CREATE is just barely two years old but there is already clamor for its amendment. Why? Is it broken?
Of particular interest is the provision that effectively killed the cross-border principle. For decades, any sale made to a company located in the special economic zone (registered business enterprise or RBE) is considered a sale made to another country. Thus, value added tax at zero-rate is automatically charged by the supplier to an RBE. In other words, generally, no VAT is passed on to an RBE if it is located in the special economic zone.
CREATE has introduced a different rule. Now, for VAT to be zero-rated, an RBE must prove that what it purchased is directly and exclusively used for its registered activity. If not, its purchases will be considered vatable. Why do RBEs want this repealed? RBEs find themselves trapped as some of their working capital is captured and transformed to input VAT. Remember, RBEs are only entitled to zero percent VAT for purchases that are directly and exclusively used for their registered activities. What happens to purchases that are not? Will it still be recovered? One view is that it can be refunded since purchases, although not directly and exclusively used for an RBE’s registered activity, may still be considered attributable to its export sales, which are considered zero-rated. On the other hand, the contrary view is when VAT was passed on by a supplier to an RBE, there was already a determination that the purchase would not be directly and exclusively used for an RBE’s registered activity. It follows therefore that the certification for VAT zero-rating was not secured. Consequently, the said purchase cannot also be considered attributable to an RBE’s zero-rated sales, which is a requirement for VAT to be refunded. There is no other recourse but for an RBE to write off the input VAT as an expense.
A bill dubbed CREATE More wants to change the 2-year-old law and revive the cross-border doctrine. It provides that all sales to an RBE, regardless of its location, must be zero-rated. Why is there already a proposal to change a 2-year-old law, when it has barely walked? Many multinational companies that are in special economic zones have been promised a zero-percent VAT when they committed their money in the country. Unfortunately, some of these investors think that the government has reneged on this promise, and they feel short-changed. Even if they may claim a refund, it is a reality that they have to go through the eye of a needle before they see a dime. In the meantime, their input VAT accumulates while they see their working capital being eaten out. It also does not help when the law is not clear when a claim for refund must be elevated in court.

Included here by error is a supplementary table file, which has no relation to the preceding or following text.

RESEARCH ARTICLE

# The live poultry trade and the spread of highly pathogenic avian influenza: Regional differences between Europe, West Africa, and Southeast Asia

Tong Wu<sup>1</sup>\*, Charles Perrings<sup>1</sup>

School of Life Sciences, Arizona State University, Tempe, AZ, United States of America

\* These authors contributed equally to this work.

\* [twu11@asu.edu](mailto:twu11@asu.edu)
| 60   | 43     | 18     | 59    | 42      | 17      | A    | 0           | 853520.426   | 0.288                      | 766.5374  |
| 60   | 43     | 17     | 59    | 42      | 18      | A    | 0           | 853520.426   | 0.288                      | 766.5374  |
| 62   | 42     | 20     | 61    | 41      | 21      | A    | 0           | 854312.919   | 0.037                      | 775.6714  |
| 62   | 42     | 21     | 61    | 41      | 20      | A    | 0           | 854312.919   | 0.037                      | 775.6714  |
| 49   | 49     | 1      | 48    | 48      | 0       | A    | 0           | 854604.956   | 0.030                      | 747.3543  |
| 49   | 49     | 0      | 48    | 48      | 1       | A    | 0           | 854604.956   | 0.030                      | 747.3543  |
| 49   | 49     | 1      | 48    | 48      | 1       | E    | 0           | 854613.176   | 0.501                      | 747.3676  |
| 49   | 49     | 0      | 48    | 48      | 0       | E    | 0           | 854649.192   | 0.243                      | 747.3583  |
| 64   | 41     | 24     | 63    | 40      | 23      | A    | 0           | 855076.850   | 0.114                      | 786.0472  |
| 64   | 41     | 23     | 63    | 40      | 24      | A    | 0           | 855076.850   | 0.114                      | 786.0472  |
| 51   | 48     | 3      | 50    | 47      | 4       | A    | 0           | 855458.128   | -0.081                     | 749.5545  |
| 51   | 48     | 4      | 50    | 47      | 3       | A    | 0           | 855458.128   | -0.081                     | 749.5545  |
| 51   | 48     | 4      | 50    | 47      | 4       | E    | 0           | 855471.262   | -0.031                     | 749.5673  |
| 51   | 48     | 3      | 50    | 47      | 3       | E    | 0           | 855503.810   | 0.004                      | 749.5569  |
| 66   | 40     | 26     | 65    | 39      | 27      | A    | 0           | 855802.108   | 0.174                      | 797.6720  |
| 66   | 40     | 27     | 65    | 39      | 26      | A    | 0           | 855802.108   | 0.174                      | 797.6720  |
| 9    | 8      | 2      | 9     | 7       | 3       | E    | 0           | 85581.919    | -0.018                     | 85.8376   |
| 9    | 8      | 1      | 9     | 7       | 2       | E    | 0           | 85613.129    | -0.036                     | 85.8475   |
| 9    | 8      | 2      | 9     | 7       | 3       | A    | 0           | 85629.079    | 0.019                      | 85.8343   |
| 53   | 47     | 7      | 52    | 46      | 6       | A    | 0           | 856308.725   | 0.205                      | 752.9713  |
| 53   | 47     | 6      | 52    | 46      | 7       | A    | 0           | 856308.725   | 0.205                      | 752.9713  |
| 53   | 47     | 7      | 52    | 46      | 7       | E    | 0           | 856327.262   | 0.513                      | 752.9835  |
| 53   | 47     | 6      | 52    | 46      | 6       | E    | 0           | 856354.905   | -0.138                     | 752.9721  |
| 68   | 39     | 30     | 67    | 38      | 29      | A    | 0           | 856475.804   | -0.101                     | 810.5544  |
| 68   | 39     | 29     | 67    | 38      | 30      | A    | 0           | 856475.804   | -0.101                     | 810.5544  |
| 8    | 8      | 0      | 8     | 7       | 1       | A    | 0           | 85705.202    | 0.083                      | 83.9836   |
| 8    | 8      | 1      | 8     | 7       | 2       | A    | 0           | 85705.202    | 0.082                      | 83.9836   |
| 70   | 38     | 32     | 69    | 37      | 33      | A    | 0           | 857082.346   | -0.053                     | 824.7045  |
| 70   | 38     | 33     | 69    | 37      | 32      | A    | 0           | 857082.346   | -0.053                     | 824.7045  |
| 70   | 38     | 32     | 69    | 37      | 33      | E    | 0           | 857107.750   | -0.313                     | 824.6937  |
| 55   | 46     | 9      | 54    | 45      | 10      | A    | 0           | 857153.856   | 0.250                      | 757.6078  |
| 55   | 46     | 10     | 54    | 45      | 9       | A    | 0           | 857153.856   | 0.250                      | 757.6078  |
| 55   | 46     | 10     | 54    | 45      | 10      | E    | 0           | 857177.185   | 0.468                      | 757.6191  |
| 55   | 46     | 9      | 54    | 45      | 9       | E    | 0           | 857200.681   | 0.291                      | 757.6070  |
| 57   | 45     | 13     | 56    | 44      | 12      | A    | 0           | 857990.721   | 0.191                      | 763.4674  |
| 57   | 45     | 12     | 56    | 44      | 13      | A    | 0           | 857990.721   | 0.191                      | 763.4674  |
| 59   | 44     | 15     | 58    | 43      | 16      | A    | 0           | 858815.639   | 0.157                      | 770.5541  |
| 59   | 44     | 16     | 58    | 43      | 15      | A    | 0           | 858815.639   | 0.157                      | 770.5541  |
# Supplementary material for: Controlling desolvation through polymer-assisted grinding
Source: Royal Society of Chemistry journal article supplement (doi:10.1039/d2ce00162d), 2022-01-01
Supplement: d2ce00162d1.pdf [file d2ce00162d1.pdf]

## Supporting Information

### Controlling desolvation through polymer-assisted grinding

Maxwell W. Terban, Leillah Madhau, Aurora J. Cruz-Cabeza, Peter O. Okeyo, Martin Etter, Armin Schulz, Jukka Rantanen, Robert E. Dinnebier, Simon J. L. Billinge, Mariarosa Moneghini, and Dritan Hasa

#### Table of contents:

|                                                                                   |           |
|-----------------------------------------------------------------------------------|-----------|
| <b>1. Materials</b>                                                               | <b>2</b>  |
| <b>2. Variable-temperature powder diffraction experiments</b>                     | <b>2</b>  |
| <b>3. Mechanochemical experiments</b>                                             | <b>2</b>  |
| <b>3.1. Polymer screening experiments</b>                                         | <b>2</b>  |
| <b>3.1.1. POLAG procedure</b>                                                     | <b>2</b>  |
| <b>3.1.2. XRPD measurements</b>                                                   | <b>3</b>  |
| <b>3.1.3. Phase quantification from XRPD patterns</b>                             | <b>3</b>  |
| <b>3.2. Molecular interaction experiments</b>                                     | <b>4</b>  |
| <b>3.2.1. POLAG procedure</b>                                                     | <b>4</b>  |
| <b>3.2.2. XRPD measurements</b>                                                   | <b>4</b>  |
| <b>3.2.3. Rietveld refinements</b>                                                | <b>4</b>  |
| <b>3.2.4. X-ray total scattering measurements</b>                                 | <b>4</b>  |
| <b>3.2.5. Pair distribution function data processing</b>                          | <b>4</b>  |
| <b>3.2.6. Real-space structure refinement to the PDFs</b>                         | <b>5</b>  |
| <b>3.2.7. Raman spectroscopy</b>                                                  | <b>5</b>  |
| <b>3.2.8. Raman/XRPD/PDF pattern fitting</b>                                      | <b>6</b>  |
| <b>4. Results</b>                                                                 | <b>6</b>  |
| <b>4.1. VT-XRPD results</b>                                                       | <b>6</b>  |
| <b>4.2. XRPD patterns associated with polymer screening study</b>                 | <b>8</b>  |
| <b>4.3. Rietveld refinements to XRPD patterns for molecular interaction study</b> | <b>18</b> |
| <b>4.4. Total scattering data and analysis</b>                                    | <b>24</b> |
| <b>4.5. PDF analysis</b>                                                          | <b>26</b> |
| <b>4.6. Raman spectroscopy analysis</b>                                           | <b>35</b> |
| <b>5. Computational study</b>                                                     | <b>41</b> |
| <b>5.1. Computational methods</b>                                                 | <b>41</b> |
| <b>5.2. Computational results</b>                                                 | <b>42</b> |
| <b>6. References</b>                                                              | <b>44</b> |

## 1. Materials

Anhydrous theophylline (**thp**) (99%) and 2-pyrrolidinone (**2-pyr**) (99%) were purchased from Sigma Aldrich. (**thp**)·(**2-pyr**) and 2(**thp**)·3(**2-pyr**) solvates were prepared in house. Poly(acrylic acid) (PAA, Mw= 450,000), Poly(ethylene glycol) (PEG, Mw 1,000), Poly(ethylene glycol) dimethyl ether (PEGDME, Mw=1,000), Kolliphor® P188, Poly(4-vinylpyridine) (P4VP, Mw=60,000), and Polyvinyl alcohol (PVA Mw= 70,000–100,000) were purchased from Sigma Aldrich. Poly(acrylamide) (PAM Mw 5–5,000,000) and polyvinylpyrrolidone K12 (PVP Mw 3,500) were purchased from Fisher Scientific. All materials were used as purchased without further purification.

CREATE More hopes to leave no doubt as to when the 90-day period for the BIR to process a VAT refund claim ends. As of this moment, even the courts have issued conflicting decisions on this matter. Some decisions say that if the taxpayer is not able to secure a VAT refund within 90 days from filing the same, its claim for refund is deemed denied by inaction. It has 30 days to file an appeal in court. Some decisions, on the other hand, state that taxpayers must wait for the decision of the BIR before they can go to court. CREATE More hopes to leave no doubt by categorically stating that the BIR must decide within 90 days and its inaction during that period is considered a denial of the claim for refund, which entitles taxpayers to the right to go to court.
If our leaders want our country to have a fighting chance in this increasingly competitive world, they must listen to the sentiments of the investors. Promises must not be broken, and laws must be clear. Our policymakers must also be in tune with what is happening in international tax.
Here we are still talking about VAT when the rest of the world is already very much ahead of the curve in passing their Pillar 2 rules.
The author is a senior partner of Du-Baladad and Associates Law Offices, a member-firm of WTS Global.
The article is for general information only and is not intended, nor should be construed as a substitute for tax, legal or financial advice on any specific matter. Applicability of this article to any actual or particular tax or legal issue should be supported therefore by a professional study or advice. If you have any comments or questions concerning the article, you may e-mail the author at email@example.com or call 8403-2001 local 330.